such as nets, buckets, chairs, tables, etc.
h. If your pond is ground level and prone to flooding, try to protect
if from ground water by sand bagging it or digging a trench around
it to divert water flow.
When it starts to rain
and the blow begins, fish will usually go to bottom.
Even after heavy flooding, most people report that their fish are
still right there, hunkered down in the pond waiting for things
to calm down and return to normal. Fish are only reported missing
when the pond is in an overflow condition for several days, the
fish relax a bit, and go exploring.
The power went out what do I do now?
Well, it depends: hows your stocking rate? If its
low, you probably dont have too much to worry about. But if
youre like most of us, youre overstocked and
thats a problem when the power goes out. If your pond has
a large surface area, its better than a smaller area. If your
dissolved oxygen level was high prior to the outage, youre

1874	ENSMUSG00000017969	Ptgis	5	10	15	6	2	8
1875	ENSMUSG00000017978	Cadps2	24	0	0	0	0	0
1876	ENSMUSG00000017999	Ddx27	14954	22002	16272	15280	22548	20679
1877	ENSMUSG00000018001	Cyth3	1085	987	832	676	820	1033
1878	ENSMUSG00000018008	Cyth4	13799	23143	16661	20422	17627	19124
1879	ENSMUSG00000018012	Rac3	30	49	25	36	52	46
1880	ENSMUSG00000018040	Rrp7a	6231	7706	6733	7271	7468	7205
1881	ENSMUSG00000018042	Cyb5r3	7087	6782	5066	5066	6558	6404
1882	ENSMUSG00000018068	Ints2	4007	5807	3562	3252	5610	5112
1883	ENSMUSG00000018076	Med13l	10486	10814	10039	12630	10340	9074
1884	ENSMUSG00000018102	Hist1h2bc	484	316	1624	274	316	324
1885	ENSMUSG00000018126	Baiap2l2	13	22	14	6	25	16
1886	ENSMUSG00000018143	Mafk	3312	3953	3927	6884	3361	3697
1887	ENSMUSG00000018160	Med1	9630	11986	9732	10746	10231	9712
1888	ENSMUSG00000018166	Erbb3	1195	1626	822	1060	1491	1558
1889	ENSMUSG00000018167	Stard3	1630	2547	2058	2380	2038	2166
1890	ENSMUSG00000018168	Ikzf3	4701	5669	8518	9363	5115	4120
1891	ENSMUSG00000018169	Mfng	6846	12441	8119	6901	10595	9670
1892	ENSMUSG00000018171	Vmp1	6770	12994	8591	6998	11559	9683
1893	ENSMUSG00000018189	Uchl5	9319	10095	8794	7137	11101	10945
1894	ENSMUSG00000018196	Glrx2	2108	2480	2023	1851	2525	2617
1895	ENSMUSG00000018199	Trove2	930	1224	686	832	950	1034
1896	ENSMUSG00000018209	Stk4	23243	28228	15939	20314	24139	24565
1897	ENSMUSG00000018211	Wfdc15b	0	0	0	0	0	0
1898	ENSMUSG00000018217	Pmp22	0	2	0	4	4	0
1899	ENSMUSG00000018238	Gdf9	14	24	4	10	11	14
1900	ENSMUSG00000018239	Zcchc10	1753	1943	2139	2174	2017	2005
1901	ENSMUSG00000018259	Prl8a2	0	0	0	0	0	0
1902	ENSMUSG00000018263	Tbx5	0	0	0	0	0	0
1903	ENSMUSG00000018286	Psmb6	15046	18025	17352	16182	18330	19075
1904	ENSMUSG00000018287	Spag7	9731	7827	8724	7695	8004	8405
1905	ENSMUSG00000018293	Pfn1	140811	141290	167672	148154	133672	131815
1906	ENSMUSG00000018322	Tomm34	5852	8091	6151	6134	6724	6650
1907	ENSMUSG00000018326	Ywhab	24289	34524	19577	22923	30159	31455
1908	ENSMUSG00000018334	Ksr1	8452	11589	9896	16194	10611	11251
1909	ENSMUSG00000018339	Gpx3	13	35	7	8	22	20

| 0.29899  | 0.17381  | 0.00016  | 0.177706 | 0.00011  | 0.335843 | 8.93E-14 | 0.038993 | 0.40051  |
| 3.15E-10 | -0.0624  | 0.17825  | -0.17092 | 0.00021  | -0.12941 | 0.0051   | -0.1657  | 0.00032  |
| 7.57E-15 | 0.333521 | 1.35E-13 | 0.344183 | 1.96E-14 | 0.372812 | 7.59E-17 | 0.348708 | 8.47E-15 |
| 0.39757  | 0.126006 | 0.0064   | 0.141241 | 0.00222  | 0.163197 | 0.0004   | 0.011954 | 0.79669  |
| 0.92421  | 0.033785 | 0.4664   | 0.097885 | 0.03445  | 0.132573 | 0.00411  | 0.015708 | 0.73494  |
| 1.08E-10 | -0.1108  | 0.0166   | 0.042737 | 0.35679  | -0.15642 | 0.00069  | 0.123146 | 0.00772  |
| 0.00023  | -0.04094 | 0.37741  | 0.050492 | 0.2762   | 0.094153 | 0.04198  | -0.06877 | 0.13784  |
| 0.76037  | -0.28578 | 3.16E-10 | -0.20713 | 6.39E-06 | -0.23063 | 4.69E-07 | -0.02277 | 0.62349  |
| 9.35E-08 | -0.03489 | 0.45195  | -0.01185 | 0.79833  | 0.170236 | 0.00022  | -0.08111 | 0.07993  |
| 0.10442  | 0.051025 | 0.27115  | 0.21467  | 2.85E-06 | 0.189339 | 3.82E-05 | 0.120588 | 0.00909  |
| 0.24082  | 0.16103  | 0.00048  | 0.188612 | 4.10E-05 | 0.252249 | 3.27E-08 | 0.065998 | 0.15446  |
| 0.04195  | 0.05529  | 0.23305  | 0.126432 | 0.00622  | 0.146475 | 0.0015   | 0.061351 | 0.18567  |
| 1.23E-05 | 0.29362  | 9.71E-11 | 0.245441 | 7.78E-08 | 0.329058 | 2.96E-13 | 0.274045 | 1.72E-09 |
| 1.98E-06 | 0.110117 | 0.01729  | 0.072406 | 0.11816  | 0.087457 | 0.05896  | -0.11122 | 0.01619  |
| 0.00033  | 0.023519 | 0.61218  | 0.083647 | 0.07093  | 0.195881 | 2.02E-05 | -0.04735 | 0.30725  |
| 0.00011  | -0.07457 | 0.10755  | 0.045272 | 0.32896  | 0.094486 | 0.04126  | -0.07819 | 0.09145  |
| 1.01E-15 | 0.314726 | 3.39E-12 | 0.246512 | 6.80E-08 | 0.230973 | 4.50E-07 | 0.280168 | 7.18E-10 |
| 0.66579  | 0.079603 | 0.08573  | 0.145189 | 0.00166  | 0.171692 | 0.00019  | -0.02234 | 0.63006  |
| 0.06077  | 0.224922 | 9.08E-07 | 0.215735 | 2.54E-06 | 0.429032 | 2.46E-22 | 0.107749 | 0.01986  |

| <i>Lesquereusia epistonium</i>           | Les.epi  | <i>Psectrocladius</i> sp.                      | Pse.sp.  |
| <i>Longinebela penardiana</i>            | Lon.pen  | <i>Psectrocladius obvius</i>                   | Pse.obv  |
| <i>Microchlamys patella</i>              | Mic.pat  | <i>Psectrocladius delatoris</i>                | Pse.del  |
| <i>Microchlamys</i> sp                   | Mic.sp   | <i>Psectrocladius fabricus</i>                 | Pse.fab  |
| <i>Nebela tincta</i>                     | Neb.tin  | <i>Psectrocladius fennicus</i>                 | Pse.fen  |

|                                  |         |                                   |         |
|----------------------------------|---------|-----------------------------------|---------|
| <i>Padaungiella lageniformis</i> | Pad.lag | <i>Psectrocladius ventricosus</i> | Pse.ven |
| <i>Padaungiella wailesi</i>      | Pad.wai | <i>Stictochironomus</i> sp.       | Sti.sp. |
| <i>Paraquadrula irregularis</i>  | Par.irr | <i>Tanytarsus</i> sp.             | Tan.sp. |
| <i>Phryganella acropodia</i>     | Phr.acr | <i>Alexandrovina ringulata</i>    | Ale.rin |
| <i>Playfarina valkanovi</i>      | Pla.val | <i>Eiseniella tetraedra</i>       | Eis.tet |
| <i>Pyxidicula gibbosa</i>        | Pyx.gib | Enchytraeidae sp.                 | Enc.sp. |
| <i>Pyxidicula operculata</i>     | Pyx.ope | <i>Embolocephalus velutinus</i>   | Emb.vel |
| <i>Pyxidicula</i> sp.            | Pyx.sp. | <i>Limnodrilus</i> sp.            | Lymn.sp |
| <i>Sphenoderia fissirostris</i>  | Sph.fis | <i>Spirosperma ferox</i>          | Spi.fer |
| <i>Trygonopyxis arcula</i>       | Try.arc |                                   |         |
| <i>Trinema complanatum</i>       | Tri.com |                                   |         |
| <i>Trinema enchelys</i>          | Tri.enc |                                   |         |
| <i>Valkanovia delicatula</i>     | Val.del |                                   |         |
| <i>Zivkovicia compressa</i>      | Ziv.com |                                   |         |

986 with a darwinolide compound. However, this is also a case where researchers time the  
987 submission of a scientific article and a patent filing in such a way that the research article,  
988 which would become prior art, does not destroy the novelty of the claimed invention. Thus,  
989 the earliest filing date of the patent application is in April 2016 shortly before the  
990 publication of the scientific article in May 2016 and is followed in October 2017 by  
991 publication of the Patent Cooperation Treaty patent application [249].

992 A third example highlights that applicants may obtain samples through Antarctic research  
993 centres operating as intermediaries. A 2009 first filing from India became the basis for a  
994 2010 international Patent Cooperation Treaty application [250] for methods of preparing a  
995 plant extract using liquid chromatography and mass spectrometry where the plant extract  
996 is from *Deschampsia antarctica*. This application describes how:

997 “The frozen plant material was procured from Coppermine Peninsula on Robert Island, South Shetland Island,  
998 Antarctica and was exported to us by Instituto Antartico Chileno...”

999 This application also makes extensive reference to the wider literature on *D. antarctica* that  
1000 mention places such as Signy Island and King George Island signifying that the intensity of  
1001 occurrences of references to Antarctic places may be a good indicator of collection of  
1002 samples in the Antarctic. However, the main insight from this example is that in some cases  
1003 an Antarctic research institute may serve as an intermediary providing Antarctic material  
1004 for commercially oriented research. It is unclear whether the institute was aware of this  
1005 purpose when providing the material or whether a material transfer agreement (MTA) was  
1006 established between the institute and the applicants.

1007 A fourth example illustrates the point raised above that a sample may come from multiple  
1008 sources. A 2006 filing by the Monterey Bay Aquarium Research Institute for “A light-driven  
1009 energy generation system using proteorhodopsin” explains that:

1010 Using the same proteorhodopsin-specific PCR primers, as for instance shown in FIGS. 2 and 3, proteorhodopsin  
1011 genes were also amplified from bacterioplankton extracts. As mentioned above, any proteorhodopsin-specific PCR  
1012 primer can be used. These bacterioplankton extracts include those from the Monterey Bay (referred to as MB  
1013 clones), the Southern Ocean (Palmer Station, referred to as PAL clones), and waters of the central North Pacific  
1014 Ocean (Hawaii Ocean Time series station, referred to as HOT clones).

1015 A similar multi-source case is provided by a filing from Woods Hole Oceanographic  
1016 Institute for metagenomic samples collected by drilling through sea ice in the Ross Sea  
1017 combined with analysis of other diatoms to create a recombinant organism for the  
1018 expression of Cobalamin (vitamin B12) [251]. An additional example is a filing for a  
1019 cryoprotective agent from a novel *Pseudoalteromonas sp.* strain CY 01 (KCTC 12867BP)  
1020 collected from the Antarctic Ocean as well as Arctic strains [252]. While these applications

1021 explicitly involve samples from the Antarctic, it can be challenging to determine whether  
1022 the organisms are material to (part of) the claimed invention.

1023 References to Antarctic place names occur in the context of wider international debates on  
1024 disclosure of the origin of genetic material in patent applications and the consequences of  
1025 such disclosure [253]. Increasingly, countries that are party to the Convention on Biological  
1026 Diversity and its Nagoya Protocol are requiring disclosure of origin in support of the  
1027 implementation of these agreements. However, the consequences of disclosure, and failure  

in better shape than if it was low.
If the storm is a small one and you expect power to be restored
in short order (a few hours or so), then just relax. However, longer
outages require action! Alternate power sources include various
back-up systems, such as:
· Generators: the cost between a small one just big enough
to handle the pond and a larger one that can handle the pond and
a few of lifes necessities (like the fridge, the TV, a fan
or two, some lights . . .) is frequently just a matter of $200 or
so. Another consideration is the size of the fuel tank: the smaller
generators require frequent refueling. Slightly larger ones can
run for 10 hours or so between refuels (think full nights
sleep!). Make sure you have 5 gallon fuel cans, a siphon to
refill the cans from your cars tank, and whatever filters
the manufacturer suggests keeping on hand. And remember to TEST
the generator at least once a month (once a week is better) to ensure
that it will start when you need it.
· Inverters: these are marvelous little items that plug
into the cigarette lighter of your vehicle to convert the cars
DC power into AC. Many stores, including the big DIY stores, sell
this handy little piece of equipment. I recently purchased an inverter
that will supply 300 watts of constant running (600 watts start-up)
for $40.00. It has two 3-pronged (grounded) outlets and will run
for 2 ½ to 3 hours before you will need to start the vehicle
to recharge its battery. Theres even a warning light on the
inverter to let you know when you need to recharge the vehicles